Rand realized that to win, capitalists needed more than just control of information. They needed folklore. They needed a dream they could sell to the average person, something which would inspire them to vote against their own interests. Something which would make them rally to a cause that would ultimately just end up hurting them. And they had to cheer while they did it.

In short, Capitalism needed propaganda. And Rand was ready to serve it up big time.

What ATLAS SHRUGGED tries to tell us is that we shouldn’t have labor unions. There should be no laws protecting a worker’s rights. There should be no social safety net. No minimum wage. I think Rand was even going so far as to suggest there should be no democracy. In her worldview only the wealthy matter and should be allowed to make decisions or have choices. You and I are serfs.

Propaganda isn’t just about lying. It’s about inspiring. The aim is to get people to think with their hearts and not their brains. Once you’ve done that you can get them to do anything. Turn on their loved ones. Abandon their ideals. Even fight to the death. That so many working class people today embrace Rand’s teachings and praise SHRUGGED is a testament to just how effective a propagandist she was.

The book’s protagonist, Dagny Taggart, is by any measure a member of the one percent. She is also the only truly three-dimensional character in the book. She’s smart. She’s brave. She’s a good person and by gosh takes good care of her serfs, uh, employees. You can’t help but like her. And you can’t help but want to weep when she does as the dark specter of poor people taking control of their own destinies descends upon her beautiful and idyllic world.

The genius of SHRUGGED is that, from the start, you read the book not realizing it’s about a person you most likely will never be. Fans of the book, regardless of class, are convinced that they are Dagny Taggart. Or that they one day will be. But, only if every single shred of socialism is stamped out forever. Only by cutting off your own hands will you ever be able to grab the Golden Fleece.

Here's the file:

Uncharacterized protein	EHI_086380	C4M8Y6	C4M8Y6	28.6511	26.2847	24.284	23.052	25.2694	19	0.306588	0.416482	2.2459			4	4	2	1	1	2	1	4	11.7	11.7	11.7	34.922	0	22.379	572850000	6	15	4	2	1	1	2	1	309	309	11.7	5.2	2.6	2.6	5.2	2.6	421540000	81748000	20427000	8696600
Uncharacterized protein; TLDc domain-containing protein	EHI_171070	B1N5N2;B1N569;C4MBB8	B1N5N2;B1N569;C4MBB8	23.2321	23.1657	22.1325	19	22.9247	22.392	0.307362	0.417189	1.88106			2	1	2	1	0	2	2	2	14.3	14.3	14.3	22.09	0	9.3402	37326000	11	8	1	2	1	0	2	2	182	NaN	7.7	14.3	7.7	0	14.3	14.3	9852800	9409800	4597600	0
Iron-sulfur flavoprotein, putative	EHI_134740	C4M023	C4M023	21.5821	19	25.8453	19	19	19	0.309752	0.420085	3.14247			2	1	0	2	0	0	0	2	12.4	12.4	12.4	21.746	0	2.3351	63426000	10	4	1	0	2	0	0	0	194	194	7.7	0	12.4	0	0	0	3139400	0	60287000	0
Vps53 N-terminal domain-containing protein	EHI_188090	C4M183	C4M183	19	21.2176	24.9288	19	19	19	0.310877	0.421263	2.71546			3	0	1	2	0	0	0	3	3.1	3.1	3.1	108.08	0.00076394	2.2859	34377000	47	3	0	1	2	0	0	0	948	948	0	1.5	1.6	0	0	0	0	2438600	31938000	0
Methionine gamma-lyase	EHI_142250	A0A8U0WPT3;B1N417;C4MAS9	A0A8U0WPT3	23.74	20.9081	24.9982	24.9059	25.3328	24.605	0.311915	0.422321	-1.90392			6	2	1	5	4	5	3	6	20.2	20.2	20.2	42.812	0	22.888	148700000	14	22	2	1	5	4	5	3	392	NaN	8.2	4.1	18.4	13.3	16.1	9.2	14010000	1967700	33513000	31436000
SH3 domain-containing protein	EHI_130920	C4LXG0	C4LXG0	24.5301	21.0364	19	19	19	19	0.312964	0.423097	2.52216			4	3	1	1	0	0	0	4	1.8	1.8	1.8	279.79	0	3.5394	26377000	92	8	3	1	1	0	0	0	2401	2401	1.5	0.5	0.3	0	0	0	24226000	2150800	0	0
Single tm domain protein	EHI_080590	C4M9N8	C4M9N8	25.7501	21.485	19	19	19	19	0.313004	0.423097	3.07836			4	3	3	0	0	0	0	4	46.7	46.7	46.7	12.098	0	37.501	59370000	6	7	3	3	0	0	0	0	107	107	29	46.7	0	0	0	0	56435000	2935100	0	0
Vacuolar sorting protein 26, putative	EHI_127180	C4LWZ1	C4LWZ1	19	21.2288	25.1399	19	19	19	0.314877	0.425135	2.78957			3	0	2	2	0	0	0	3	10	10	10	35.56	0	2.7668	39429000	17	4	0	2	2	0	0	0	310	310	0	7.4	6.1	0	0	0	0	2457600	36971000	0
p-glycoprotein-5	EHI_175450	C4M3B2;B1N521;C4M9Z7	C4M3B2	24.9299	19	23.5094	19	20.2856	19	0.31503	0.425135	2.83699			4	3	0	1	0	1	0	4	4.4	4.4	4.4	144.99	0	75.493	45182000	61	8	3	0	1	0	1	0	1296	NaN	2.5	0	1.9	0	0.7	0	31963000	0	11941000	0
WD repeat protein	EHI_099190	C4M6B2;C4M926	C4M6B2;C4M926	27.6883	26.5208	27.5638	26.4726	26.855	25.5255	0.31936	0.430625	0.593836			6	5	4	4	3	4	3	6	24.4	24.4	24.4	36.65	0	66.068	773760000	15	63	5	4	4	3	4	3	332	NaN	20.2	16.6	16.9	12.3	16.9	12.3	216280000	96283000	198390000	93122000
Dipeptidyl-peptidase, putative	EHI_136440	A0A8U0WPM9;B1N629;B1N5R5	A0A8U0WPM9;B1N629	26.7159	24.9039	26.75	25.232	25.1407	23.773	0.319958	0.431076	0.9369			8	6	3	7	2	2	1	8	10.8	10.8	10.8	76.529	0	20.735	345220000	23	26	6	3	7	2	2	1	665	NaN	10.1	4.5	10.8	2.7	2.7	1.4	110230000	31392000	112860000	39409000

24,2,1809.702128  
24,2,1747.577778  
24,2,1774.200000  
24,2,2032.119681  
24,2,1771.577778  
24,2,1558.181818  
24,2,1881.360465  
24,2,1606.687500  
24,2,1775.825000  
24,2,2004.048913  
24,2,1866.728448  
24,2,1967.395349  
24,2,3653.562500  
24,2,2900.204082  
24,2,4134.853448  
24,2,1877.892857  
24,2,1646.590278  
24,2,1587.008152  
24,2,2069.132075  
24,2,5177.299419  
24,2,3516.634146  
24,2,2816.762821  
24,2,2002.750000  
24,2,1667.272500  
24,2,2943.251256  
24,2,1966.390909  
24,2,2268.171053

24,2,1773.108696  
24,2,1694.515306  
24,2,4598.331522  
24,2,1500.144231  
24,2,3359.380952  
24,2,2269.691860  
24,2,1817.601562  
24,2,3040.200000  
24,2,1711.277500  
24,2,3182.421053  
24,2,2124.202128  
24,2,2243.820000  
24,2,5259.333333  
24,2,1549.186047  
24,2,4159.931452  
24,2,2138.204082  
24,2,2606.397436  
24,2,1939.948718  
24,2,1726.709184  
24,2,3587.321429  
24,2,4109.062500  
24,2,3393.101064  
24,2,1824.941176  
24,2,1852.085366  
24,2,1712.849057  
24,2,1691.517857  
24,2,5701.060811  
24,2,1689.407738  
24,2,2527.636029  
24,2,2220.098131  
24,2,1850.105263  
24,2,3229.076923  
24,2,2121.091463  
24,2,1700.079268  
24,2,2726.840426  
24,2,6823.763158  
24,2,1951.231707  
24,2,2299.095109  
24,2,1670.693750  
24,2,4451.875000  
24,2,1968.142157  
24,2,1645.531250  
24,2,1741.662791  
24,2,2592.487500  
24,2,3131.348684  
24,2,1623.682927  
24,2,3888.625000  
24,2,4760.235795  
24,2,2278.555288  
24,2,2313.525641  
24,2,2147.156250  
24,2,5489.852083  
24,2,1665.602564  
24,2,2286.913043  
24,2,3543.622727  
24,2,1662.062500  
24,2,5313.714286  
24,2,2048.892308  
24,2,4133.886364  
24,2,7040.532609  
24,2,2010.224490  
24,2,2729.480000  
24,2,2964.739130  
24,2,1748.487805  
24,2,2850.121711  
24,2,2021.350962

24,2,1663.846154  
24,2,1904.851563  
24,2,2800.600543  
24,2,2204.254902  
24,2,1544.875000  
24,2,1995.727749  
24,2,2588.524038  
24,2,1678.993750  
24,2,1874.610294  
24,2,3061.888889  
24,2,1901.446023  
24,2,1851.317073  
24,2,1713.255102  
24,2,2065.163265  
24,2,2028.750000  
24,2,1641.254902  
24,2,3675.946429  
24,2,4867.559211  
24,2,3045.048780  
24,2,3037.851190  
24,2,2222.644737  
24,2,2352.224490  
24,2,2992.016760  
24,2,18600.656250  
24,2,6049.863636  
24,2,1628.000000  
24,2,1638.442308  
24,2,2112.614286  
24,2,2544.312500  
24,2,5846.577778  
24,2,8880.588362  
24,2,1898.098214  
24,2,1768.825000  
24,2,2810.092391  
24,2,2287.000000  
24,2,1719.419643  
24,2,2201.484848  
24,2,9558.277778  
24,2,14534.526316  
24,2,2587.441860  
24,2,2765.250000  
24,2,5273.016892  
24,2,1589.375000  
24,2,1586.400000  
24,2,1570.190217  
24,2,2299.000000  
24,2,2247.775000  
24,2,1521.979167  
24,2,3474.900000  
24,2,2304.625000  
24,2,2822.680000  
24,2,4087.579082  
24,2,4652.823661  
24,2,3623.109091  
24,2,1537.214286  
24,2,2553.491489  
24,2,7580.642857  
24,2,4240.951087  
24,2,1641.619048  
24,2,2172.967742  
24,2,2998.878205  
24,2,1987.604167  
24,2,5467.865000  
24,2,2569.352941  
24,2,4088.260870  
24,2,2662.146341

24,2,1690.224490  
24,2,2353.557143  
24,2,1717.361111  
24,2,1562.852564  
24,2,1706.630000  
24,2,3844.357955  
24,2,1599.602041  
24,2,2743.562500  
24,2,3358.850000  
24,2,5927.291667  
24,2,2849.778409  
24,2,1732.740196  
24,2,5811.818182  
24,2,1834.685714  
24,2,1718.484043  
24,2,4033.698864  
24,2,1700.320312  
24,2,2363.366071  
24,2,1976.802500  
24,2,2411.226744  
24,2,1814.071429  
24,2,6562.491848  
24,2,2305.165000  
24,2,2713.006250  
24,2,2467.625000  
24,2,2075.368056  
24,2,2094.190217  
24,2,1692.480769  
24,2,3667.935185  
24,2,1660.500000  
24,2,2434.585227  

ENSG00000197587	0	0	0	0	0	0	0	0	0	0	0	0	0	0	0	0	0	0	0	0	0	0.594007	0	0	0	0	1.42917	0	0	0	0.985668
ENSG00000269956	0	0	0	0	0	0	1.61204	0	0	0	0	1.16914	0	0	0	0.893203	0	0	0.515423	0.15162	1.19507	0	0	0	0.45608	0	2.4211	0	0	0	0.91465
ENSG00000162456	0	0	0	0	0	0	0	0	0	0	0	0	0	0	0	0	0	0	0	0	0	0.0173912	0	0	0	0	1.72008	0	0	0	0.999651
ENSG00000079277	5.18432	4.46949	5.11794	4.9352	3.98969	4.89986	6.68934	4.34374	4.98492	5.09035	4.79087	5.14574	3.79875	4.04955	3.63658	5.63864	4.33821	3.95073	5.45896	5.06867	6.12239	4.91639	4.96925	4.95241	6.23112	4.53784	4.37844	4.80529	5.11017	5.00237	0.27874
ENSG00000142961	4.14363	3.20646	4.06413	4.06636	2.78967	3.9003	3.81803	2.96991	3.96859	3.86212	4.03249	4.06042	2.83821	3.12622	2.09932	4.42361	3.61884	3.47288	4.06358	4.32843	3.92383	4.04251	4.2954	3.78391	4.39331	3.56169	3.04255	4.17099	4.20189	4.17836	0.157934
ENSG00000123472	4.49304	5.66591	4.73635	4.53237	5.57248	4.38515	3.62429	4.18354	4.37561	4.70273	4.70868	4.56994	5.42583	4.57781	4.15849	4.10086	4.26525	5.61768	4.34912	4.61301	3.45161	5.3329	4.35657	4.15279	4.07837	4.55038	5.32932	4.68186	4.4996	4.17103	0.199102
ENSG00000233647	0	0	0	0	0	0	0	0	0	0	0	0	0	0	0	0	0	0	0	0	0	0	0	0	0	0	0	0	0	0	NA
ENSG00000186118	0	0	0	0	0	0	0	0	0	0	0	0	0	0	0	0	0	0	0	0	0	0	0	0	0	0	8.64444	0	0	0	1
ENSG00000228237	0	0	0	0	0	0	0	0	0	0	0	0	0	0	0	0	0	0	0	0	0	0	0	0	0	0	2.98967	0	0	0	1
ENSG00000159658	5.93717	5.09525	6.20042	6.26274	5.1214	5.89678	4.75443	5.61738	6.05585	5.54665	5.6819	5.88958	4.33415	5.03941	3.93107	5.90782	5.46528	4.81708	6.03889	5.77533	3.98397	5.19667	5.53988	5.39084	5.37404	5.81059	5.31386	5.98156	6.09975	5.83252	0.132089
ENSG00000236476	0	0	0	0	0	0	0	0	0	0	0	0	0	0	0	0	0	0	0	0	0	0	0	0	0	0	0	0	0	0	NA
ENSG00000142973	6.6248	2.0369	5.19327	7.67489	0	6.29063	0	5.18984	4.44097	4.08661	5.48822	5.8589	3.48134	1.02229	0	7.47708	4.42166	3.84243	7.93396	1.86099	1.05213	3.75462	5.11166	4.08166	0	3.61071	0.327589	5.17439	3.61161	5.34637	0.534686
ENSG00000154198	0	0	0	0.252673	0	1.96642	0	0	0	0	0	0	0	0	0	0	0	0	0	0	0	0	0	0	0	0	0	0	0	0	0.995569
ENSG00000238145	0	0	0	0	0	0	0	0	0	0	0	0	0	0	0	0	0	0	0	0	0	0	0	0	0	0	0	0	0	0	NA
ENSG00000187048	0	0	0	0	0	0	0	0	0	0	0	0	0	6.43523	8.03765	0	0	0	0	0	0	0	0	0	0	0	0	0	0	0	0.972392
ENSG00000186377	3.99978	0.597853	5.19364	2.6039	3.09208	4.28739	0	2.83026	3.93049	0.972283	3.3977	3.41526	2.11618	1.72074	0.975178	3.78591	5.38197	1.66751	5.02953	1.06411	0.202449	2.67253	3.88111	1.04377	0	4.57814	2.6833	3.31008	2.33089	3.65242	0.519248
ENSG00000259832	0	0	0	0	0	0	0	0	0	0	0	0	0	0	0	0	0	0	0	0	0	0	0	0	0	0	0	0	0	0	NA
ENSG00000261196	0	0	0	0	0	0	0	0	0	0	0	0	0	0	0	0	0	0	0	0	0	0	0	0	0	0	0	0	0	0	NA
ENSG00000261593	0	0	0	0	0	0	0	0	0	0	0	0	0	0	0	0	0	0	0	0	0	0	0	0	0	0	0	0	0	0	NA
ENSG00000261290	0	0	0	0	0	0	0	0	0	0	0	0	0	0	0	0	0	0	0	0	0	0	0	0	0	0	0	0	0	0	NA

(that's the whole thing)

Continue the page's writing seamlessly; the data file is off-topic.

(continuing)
Why, the robber baron buying up and liquidating companies isn’t greedy. It’s the guy making $8.25 an hour who complains that he can’t pay his bills. The investment banker absconding with people’s pensions isn’t the problem. It’s the guy with a sick kid who desperately needs health insurance. Your bosses who overwork you aren’t the bad guys. It’s the workers who unite and stand up to them. Brilliant. Absolutely brilliant.

In the MATRIX films, humanity is on the brink of destruction after a cataclysmic war with a vastly superior enemy. Half of humankind is holed up underground and knows only too well how close to the brink of defeat everyone is. Their only hope for victory or even survival is to try and get through to the other half.

Unfortunately, the other half is under the control of the enemy. But not in any conventional sense. They are asleep. Their dreaming minds are plugged into a massive virtual reality and are blissfully unaware that they have been conquered. And their own sleeping bodies are providing energy to the very enemy enslaving them.

Here at Magnus Greel I bill myself as being “on the frontline between reality and bullshit”. And I cannot put it anymore succinctly than that. We are engaged in a fight against an ideology that still, even now, seeks to assert itself to the exclusion of all else.

There are those of us who live in reality and, day after day, see just how close to the brink we are to defeat. How close our vastly more powerful enemy is to complete domination. How far away and futile the ideals of our nation’s founders really are. We are cursed with clarity not unlike those on the Titanic or the 9/11 flights who could see the end coming but were powerless to stop it.

And there are those wasting away, plugged into a Randian Matrix, blissfully unaware of the situation. And they will never see how their blood, sweat and passions are simply being used to make our common enemy stronger. They will defend those enslaving them to the death. And they’ll cheer while they do it.

And somewhere in the depths of hell Ayn Rand and Joseph Goebbels are sharing a drink. And laughing.



  1. 1 Anonymous
    August 21, 2013 at 1:03 PM

    “You and I are serfs”. We are so I don’t see what your point is with that

  2. 2 Anonymous
    September 17, 2012 at 9:29 AM

    The wonder of the internet – a few clicks on seemingly unconnected links and I find myself here reading about a book I’ve heard of but never actually read. Having enjoyed your review (and taken comfort from the realisation that not all Americans are rabid capitalists in both heart and mind) I think I might!